Karzai called Sunday, when Obama announced bin Laden's death, "a very important day" while speaking to an assembly of government officials in Kabul, as the hall erupted in applause. 

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"For years we have said that the fight against terrorism is not in Afghan villages and houses," said Karzai. "It is in safe havens, and today that was shown to be true."

Karzai offered his appreciation to international and Afghan forces who have lost their lives in the nearly 10-year war in Afghanistan and expressed hope that bin Laden's death could mean the end of terrorism.

However, Taliban in both Afghanistan and Pakistan have already promised retaliation.

Taliban spokesman Ahsanullah Ahsan said that because of bin Laden's assassination, Pakistan had become the No. 1 target for the Taliban.

Ahsan criticized the U.S., saying "America was chasing Osama for almost 10 years," comparing the attack to the assassination of former Pakistani Prime Minister Benazir Bhutto, which was carried out in December 2007.

The U.S. closed its embassy in Islamabad and its consulates in Lahore, Karachi and Peshawar on Monday for fear of unrest.

Afghan men gather Monday at a restaurant in Kabul to watch television coverage announcing the killing of al-Qaeda leader Osama bin Laden. (Musadeq Sadeq/Associated Press )

Various world leaders welcomed news of the deadly raid, congratulating the U.S. for killing bin Laden.

Israeli Prime Minister Benjamin Netanyahu said bin Laden's death was a triumph for Washington and its allies in their "war on terror." A statement from the Israeli leader's office said Netanyahu spoke to Obama by telephone and "praised the United States on behalf of Israeli citizens."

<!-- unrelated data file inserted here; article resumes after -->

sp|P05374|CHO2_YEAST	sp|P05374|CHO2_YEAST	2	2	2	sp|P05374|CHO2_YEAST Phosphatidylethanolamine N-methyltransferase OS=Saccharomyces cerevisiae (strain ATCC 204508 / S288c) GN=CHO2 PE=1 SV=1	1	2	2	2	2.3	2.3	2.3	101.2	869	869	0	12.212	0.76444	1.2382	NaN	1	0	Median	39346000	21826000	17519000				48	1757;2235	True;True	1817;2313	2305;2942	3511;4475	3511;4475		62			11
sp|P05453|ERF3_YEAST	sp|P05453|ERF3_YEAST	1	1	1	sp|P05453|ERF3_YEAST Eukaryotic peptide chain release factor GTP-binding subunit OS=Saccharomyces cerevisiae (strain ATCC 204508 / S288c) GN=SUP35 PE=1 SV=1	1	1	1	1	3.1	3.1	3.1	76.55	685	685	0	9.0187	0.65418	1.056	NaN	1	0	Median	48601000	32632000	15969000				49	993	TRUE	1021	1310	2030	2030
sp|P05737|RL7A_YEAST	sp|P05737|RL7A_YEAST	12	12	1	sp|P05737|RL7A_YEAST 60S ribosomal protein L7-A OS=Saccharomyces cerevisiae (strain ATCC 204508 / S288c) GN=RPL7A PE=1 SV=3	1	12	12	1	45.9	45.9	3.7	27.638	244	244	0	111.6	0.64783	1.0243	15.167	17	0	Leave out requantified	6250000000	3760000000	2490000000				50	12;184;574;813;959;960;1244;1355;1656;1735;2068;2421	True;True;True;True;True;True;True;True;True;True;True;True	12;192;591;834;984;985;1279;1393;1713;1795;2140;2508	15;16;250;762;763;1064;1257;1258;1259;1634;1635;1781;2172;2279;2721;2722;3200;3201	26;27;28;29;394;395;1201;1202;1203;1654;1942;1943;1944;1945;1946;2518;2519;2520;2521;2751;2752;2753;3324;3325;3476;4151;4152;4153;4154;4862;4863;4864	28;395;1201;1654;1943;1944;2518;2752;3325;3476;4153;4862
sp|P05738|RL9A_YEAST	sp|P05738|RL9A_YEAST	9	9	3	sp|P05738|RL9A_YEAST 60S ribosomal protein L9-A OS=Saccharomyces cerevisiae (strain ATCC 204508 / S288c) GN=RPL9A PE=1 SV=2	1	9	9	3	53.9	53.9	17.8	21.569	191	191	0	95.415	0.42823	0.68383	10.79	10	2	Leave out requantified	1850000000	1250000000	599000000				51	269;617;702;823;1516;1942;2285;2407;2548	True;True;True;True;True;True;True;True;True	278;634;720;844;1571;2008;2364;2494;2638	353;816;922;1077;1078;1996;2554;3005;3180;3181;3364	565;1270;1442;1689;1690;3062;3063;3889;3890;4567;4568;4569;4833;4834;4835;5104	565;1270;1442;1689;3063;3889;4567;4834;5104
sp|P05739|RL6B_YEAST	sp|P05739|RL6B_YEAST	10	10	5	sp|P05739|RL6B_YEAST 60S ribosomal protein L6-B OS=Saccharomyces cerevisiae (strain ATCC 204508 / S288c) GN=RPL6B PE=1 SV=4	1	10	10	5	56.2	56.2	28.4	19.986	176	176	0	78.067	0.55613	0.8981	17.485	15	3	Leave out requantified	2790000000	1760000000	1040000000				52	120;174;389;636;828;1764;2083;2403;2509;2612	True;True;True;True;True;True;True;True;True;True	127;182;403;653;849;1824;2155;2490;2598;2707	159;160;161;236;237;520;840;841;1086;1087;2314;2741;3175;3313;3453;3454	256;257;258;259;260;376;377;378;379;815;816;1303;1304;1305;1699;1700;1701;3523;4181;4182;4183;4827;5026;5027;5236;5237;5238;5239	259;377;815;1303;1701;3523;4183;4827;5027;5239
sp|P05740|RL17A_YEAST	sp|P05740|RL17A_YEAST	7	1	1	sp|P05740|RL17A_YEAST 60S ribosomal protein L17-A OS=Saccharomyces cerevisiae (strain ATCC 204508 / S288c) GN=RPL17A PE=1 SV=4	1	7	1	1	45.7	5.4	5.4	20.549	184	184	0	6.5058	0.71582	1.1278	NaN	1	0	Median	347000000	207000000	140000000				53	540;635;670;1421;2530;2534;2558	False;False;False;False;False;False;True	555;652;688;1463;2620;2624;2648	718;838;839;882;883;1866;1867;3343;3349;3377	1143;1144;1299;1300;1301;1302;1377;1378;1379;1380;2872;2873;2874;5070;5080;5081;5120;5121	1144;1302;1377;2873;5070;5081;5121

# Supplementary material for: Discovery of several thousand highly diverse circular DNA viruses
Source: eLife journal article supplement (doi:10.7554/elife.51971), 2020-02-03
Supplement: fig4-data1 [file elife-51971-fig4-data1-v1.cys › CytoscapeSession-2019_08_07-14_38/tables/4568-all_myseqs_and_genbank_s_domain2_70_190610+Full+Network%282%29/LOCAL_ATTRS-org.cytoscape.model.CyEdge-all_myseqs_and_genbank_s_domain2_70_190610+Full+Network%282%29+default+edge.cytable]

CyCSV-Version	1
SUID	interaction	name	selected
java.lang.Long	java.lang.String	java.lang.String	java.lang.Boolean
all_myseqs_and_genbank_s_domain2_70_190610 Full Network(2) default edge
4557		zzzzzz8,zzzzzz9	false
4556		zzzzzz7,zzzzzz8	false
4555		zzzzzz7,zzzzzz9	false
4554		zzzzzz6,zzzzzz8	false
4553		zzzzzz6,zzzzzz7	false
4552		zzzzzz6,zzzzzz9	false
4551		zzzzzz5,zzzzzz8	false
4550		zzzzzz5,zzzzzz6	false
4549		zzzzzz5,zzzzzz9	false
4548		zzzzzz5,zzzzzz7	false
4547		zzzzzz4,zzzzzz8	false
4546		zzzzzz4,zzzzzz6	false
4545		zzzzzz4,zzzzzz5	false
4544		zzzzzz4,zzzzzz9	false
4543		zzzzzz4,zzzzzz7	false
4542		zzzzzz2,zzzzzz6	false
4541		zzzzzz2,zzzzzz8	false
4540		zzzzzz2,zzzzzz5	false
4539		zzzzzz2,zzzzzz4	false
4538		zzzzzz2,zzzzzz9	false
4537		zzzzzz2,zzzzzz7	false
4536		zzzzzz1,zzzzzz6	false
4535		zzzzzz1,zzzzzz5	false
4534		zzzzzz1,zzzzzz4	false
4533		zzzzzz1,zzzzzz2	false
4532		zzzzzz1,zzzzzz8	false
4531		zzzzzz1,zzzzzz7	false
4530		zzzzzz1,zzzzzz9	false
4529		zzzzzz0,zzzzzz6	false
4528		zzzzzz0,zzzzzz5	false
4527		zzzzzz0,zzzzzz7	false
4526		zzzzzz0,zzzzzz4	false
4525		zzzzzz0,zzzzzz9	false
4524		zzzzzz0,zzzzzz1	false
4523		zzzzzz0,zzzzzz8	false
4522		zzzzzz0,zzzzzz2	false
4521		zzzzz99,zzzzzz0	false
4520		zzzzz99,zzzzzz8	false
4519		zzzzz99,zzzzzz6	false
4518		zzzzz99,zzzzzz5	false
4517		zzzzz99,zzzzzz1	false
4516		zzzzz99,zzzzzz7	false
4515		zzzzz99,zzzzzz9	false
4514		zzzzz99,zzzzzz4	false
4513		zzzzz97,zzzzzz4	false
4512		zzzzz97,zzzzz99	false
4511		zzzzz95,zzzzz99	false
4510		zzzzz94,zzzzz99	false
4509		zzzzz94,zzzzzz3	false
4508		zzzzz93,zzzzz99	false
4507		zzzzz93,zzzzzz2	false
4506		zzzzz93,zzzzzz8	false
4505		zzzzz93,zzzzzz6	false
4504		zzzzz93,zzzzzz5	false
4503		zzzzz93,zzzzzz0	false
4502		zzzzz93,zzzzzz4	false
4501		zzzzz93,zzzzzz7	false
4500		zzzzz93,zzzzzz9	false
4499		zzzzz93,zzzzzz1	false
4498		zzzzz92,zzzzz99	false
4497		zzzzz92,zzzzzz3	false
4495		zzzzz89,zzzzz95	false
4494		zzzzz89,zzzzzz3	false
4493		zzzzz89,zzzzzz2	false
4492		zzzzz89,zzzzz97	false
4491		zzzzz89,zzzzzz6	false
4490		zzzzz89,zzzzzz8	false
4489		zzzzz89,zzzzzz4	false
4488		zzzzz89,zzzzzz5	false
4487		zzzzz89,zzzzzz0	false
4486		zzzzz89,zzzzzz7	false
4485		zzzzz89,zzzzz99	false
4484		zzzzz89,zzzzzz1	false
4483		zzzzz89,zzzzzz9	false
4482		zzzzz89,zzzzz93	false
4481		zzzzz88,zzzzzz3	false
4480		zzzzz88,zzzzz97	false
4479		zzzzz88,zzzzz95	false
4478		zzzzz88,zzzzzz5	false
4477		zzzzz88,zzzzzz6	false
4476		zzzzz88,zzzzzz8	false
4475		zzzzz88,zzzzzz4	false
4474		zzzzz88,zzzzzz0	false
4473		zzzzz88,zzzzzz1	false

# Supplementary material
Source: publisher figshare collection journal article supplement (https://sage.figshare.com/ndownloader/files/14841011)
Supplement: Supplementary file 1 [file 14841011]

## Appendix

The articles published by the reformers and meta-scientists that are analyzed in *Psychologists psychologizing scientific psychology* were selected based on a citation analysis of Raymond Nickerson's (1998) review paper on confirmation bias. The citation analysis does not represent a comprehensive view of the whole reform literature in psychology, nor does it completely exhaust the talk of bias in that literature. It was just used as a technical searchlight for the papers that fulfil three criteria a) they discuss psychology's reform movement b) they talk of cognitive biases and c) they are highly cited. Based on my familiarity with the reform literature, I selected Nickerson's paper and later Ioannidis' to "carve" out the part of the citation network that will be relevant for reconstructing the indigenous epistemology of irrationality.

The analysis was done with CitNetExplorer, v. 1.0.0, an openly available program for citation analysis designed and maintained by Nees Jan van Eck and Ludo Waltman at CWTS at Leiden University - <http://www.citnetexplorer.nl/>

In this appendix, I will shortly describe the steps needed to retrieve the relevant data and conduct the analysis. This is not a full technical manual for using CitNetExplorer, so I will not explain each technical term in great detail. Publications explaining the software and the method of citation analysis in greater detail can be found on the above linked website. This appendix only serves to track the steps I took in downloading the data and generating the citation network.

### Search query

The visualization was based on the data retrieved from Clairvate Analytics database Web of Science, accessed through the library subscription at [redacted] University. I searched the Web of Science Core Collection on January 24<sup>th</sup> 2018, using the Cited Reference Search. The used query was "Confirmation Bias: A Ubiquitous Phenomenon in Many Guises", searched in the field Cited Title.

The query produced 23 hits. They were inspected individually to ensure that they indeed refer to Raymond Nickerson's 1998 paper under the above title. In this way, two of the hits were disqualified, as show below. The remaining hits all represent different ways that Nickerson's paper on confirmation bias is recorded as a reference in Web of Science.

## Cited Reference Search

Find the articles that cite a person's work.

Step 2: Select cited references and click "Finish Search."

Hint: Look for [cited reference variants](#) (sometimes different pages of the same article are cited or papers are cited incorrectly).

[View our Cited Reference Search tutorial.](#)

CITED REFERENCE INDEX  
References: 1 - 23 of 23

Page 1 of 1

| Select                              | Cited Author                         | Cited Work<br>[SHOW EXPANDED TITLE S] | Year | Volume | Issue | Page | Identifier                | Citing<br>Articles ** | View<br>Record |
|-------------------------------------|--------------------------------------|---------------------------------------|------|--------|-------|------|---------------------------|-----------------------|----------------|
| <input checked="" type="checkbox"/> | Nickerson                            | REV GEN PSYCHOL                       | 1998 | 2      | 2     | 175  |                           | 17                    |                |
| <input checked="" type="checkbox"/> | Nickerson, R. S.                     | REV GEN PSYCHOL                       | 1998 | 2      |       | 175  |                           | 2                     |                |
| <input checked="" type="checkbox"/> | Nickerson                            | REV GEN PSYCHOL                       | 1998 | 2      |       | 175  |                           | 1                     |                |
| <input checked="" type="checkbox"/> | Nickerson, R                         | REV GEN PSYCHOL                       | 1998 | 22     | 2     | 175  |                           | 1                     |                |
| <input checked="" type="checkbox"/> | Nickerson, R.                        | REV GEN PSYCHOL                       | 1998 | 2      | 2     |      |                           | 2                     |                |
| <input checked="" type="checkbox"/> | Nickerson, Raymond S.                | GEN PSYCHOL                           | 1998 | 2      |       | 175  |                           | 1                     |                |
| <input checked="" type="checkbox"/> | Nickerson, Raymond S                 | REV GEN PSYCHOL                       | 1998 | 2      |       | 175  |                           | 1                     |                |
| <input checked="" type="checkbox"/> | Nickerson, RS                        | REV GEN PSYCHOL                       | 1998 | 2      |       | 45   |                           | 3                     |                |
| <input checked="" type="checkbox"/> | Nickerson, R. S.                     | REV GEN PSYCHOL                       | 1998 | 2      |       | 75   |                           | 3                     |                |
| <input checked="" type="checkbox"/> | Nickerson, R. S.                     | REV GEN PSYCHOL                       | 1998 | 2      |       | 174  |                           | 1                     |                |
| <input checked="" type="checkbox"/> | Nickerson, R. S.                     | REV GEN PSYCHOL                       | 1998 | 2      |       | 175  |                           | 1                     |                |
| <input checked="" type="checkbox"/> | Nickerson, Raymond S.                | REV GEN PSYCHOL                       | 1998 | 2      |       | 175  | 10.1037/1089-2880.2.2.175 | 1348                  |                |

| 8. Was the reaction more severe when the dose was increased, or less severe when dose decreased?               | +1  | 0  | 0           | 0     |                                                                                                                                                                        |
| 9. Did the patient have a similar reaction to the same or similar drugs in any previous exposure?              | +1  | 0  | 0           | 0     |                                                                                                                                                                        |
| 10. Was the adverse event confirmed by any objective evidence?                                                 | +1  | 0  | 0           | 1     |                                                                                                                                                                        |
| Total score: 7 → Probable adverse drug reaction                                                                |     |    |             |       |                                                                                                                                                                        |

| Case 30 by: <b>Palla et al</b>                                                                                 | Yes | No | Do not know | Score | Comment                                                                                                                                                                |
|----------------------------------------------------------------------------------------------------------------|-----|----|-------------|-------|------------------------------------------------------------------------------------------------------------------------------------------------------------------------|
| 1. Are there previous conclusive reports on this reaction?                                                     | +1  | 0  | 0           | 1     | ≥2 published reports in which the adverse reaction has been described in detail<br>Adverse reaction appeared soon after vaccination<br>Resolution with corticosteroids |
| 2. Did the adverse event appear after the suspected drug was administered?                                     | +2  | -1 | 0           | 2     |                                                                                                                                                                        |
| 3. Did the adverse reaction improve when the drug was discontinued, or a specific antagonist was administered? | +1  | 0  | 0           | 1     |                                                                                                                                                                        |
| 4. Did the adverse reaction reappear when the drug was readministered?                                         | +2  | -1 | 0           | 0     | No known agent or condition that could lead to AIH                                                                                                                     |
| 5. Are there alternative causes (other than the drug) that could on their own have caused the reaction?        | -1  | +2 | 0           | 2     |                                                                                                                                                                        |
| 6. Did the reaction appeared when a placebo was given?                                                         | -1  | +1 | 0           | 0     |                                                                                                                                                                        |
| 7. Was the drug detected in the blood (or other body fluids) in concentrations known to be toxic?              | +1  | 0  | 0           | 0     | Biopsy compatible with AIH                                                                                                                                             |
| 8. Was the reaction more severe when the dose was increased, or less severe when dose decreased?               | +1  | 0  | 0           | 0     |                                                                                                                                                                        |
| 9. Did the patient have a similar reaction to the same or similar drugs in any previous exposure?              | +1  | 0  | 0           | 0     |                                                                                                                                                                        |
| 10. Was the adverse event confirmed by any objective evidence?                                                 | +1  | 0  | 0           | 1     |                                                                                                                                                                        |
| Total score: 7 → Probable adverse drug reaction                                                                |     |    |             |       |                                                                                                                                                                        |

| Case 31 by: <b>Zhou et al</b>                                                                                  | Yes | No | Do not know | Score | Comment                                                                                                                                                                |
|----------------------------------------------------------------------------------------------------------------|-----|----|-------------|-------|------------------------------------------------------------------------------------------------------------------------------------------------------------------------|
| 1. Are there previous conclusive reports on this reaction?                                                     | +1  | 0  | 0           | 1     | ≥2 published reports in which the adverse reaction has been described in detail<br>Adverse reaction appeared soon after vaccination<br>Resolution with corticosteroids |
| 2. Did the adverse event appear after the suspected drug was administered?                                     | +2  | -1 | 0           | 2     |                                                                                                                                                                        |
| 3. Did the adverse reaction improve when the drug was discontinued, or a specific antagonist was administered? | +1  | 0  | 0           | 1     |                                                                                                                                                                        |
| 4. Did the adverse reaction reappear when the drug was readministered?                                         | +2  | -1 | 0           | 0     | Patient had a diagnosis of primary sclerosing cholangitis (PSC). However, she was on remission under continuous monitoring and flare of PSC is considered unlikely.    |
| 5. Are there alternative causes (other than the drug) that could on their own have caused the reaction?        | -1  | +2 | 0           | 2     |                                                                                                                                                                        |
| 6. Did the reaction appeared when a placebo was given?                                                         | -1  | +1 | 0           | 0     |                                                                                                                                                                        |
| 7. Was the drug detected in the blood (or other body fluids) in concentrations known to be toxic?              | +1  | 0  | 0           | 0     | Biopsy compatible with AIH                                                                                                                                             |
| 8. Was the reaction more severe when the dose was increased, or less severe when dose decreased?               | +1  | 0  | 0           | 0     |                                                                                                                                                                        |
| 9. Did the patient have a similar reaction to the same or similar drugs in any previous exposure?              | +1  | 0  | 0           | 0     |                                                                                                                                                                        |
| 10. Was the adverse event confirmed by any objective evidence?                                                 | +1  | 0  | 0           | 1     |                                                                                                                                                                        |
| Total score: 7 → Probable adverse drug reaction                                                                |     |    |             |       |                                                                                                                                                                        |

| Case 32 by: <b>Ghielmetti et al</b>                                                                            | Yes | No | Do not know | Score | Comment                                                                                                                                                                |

"This is the fate that evil killers deserve," said outgoing Lebanese Prime Minister Saad Hariri, deploring the harm that bin Laden did to "the image of Islam and Arab causes."

German Chancellor Angela Merkel said the killing of bin Laden was an important blow against international militancy.

"The message that today sends is that acts of terrorism do not remain unatoned, and that should be clear today to all followers of terrorism," Merkel told reporters in Berlin.

The news was also welcomed by former British prime minister Tony Blair who said Obama and the U.S. team deserved everybody's "deep thanks."

"The really important thing is that this operation shows that no matter how difficult it is, how long it takes, however much the perpetrator of violence tries to hide, if you, by acts of terror, kill innocent civilians, we will find you and we will bring you to justice," Blair said.

At the United Nations, the Security Council welcomed the news that bin Laden would never again be able to commit terrorist acts and urged all countries to intensify their efforts to fight global terrorism.

The U.N.'s most powerful body held a special session late Monday to adopt a statement appealling to all countries "to work together urgently to bring to justice the perpetrators, organizers and sponsors of terrorist attacks."

Those who followed or sympathized with bin Laden expressed shock and dismay, or vowed revenge.

Salah Anani, a Palestinian-Jordan militant leader accused of links to al-Qaeda, said, "There will be soon be another leader."

The leader of the Palestinian militant Hamas government in Gaza, Ismail Haniyeh, condemned the killing, saying the operation marked "the continuation of the American oppression and shedding of blood of Muslims and Arabs."

With files from The Associated Press